Sunday, September 30, 2007


As a kid, my interest in OMNI magazine faded away when the subscription ended. Time passed, and when the first Borders opened in my Detroit suburban enclave, I came upon a new magazine that sparked my interest: LEONARDO.

LEONARDO is a great journal that studies the interrelationship of art and science. It's an ideal reference that collects research data that is pertinent to each seminar group. For example, their on-line version, the Leonardo Electronic Almanac, has a great article on computer-assisted choreography ( A Dynamic Life of Cause: A Concept and Models Used for Computer-Assisted Choreography) that could be of interest to Kinetics and Character Animation group ). They also have a sound journal as well ( Leonardo Sound Journal ).

Here is the mission statement for Leonardo Journal:

Vision Statement: Science and Technology dominate our current landscape, emerging with an intensity and velocity never before experienced. This intense intellectual creativity needs to be integrated with the humanizing activity of creating art, to bring balance to how we experience our current existence and imagine our futures. Over the course of history, art has been both an organizing and integrating role with our emotional and intellectual lives. Art serves as a means of presenting, questioning, understanding and creating order out of chaos and change. Imagination often leads the way of discovery in science. Innovation of art, science and technology will allow for new ideas that may be important economically and socially. Leonardo/ISAST serves as the organization that nurtures and fosters this alliance between the arts and sciences, proactively bringing these social networks together leading to greater creativity and social change in both areas.



Wayne Barlowe

I was introduced to Wayne Barlowe in the pages of OMNI magazine - a qausi-science/entertainment magazine I subscribed to when I was 13. His work caught my eye immediately. I faintly remember the magazine spread featuring his work. In it were his illustrations of dinosaurs.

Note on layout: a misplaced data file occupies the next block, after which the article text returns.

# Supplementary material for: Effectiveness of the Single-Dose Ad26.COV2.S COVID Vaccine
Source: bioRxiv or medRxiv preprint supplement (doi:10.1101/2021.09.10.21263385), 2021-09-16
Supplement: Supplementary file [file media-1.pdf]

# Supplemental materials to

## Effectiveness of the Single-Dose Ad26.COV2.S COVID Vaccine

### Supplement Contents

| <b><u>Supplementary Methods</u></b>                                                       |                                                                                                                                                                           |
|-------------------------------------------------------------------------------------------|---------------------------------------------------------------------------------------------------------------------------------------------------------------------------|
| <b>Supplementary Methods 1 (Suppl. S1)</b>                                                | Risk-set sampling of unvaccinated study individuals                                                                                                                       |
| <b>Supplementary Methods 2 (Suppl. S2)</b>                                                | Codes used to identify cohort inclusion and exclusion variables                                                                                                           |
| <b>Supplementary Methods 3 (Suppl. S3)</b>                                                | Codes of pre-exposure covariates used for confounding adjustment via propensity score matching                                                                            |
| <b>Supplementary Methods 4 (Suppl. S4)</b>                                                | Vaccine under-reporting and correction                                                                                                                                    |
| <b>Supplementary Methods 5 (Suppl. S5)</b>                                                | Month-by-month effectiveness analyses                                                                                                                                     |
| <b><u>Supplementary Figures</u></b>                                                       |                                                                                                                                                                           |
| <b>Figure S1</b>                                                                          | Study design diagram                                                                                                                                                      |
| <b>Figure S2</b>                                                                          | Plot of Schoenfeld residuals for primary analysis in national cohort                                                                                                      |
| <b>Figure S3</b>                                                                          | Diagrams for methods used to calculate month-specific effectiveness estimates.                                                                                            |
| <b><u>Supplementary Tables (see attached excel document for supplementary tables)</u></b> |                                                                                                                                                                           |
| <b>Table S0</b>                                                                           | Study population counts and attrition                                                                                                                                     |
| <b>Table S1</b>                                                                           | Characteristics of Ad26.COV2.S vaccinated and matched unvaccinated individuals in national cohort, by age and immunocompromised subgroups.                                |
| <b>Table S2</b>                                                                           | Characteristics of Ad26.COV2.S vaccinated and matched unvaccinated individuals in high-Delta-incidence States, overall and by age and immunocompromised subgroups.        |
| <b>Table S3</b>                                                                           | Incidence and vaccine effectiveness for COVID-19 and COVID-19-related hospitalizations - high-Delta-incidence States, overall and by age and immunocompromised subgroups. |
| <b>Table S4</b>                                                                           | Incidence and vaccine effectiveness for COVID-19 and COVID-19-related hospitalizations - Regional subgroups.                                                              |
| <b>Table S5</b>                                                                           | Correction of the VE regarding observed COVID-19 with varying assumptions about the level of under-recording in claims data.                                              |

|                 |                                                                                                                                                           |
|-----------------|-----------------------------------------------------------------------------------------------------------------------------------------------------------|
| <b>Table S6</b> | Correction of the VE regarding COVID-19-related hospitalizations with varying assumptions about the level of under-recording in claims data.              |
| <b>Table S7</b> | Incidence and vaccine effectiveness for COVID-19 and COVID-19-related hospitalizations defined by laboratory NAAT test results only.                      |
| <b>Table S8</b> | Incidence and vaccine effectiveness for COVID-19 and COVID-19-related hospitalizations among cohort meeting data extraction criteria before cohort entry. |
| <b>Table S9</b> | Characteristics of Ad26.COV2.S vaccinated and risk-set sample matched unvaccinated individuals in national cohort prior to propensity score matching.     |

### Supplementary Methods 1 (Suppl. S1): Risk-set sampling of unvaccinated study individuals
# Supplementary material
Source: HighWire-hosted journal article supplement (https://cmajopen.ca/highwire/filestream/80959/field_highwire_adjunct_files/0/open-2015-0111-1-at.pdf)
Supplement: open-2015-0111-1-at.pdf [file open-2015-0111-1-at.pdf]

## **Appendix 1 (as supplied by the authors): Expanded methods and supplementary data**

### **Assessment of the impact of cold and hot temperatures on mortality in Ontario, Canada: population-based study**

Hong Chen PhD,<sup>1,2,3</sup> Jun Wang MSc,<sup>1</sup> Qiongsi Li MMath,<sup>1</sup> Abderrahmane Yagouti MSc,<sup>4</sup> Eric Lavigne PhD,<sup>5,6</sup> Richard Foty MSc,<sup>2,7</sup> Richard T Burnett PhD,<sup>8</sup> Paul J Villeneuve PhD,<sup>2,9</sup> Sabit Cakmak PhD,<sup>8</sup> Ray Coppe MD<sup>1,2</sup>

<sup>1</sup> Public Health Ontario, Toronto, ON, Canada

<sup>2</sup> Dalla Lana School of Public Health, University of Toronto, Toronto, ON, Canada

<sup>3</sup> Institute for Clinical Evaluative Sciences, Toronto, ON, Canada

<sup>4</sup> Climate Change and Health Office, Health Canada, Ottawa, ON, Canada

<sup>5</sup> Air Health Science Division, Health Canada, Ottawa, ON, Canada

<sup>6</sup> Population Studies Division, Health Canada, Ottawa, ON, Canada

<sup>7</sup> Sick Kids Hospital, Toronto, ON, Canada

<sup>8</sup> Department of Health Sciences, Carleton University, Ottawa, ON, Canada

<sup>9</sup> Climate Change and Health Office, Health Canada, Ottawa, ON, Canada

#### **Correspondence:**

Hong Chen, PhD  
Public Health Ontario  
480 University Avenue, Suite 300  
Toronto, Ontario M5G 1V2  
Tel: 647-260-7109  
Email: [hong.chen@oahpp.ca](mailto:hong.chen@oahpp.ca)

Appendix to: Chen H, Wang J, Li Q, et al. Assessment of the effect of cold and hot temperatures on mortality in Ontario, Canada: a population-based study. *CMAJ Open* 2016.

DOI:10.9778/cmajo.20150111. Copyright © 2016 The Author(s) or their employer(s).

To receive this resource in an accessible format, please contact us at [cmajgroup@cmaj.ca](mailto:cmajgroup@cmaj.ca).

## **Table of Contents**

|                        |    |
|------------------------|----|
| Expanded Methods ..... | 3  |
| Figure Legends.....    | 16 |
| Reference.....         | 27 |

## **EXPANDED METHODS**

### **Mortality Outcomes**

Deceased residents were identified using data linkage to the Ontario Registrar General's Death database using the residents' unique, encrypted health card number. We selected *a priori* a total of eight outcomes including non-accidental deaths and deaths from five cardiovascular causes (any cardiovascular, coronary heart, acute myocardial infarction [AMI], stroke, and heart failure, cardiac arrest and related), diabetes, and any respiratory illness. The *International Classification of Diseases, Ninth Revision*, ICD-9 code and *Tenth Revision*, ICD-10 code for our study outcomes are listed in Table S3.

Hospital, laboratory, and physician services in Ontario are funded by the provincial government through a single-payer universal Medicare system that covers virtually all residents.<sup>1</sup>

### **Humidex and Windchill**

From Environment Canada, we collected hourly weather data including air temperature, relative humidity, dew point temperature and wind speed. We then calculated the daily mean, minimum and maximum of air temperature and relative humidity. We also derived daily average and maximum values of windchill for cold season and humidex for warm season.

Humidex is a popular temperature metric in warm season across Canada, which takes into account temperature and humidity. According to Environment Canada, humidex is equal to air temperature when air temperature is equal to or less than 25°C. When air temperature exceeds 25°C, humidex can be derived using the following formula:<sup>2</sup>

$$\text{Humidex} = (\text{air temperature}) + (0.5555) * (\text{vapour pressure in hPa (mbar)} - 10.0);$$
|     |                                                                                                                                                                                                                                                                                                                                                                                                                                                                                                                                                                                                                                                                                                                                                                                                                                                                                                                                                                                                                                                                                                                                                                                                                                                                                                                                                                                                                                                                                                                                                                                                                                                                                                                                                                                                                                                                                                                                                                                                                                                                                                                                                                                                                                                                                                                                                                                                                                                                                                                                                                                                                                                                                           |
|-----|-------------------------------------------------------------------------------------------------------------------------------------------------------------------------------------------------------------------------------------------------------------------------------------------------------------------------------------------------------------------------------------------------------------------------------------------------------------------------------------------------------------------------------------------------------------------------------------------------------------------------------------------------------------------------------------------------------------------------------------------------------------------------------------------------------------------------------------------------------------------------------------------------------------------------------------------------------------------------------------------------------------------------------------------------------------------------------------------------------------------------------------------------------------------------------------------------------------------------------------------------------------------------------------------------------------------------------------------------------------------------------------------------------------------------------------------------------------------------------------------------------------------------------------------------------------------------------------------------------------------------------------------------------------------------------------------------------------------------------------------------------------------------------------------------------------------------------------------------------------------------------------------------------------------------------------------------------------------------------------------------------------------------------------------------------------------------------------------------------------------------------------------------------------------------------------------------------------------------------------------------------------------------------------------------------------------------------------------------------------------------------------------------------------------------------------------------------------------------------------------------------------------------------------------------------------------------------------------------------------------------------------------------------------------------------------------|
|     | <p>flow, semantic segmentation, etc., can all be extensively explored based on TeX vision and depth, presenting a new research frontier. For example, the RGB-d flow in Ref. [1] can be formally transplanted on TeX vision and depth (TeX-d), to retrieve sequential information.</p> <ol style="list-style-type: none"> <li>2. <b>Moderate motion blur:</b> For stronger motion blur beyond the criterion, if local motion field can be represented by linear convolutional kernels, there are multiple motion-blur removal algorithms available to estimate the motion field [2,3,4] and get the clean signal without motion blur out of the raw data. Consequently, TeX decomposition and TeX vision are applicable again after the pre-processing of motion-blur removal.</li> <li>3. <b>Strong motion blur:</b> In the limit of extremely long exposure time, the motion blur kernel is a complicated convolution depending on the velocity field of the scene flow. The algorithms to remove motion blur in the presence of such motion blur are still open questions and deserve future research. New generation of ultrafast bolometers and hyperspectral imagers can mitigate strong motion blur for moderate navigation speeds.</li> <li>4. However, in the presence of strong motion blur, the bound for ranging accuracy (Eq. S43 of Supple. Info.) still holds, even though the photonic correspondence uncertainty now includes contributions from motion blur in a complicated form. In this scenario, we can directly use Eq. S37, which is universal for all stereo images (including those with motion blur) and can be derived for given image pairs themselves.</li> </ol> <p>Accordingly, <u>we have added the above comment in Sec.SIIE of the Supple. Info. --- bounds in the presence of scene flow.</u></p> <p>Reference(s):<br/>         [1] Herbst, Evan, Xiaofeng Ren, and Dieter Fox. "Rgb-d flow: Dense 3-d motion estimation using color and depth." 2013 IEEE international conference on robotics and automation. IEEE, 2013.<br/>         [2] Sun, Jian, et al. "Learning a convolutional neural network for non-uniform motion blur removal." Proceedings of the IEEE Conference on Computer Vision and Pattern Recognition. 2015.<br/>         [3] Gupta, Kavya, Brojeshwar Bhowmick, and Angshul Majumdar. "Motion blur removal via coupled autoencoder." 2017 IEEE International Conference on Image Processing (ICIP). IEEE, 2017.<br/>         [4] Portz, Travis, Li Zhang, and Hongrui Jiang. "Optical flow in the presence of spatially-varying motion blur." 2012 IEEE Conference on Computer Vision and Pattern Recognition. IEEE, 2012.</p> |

His illustrations were unlike other dinosaur illustrations I was use to - they incoporated the theories (remember this 22 years ago - this theory is now generally accepted) that dinosaurs were the genetic predecesors to birds. Also, unlike the grey-green dinosaur illustrations I've seen, Barlowe's dinosaur hides had bits of color (i.e stripes, spots, etc...).

His most fascinating illustrations were rendered in 3d and made into TV special by the Discovery Channel. Here is the link:

Here is a snippet of his biography from the web site
Born in Glen Cove, New York to well-known natural history artists Sy and Dorothea Barlowe, Wayne Douglas Barlowe attended the Art Students League and The Cooper Union in New York City. While in college he apprenticed in the Exhibition Department of The American Museum of Natural History. During this period Barlowe collaborated with his parents on his first professional book assignment, the Instant Nature Guide to Insects (Grossett & Dunlop).

In 1979 his first self-generated book, Barlowe's Guide to Extraterrestrials, was published by Workman Publishing. The Guide, which Barlowe conceived, illustrated and co-authored, was nominated for The American Book Award and the science fiction community's prestigious Hugo. It was chosen Best Illustrated Book of 1979 by the Locus Poll, and a Best Book For Young People by the American Library Association. The Guide, considered by many to be a contemporary classic SF work, has 270,000 copies sold to date. A Japanese edition has recently been released.

Barlowe's next book followed after nearly ten years, during which time he created over 300 book and magazine covers and illustrations for every major publisher. He has also created editorial paintings for Life, Time and Newsweek. His artwork has been seen on television on Walter Cronkhite's Universe and Connie Chung's Saturday Night as well as on the Discovery Channel. An interview with Barlowe appeared on the Sci-Fi Channel's Inside Space program. Portfolios and interviews in print have appeared in TV Guide, Starlog, Realms of Fantasy, Science Fiction Age, Starburst, TV ZONE (UK) and Filmfax.

Barlowe's second book, Expedition, a natural history journey to another world, consisted of forty paintings, one hundred black and white illustrations and two hundred pages of text, and was published in 1990 by Workman Publishing. It received extremely favorable reviews and was nominated for the Association of SF Artist's 1991 Chesley Award. Expedition was voted a 1991 Best Book for Teenagers by The New York Public Library.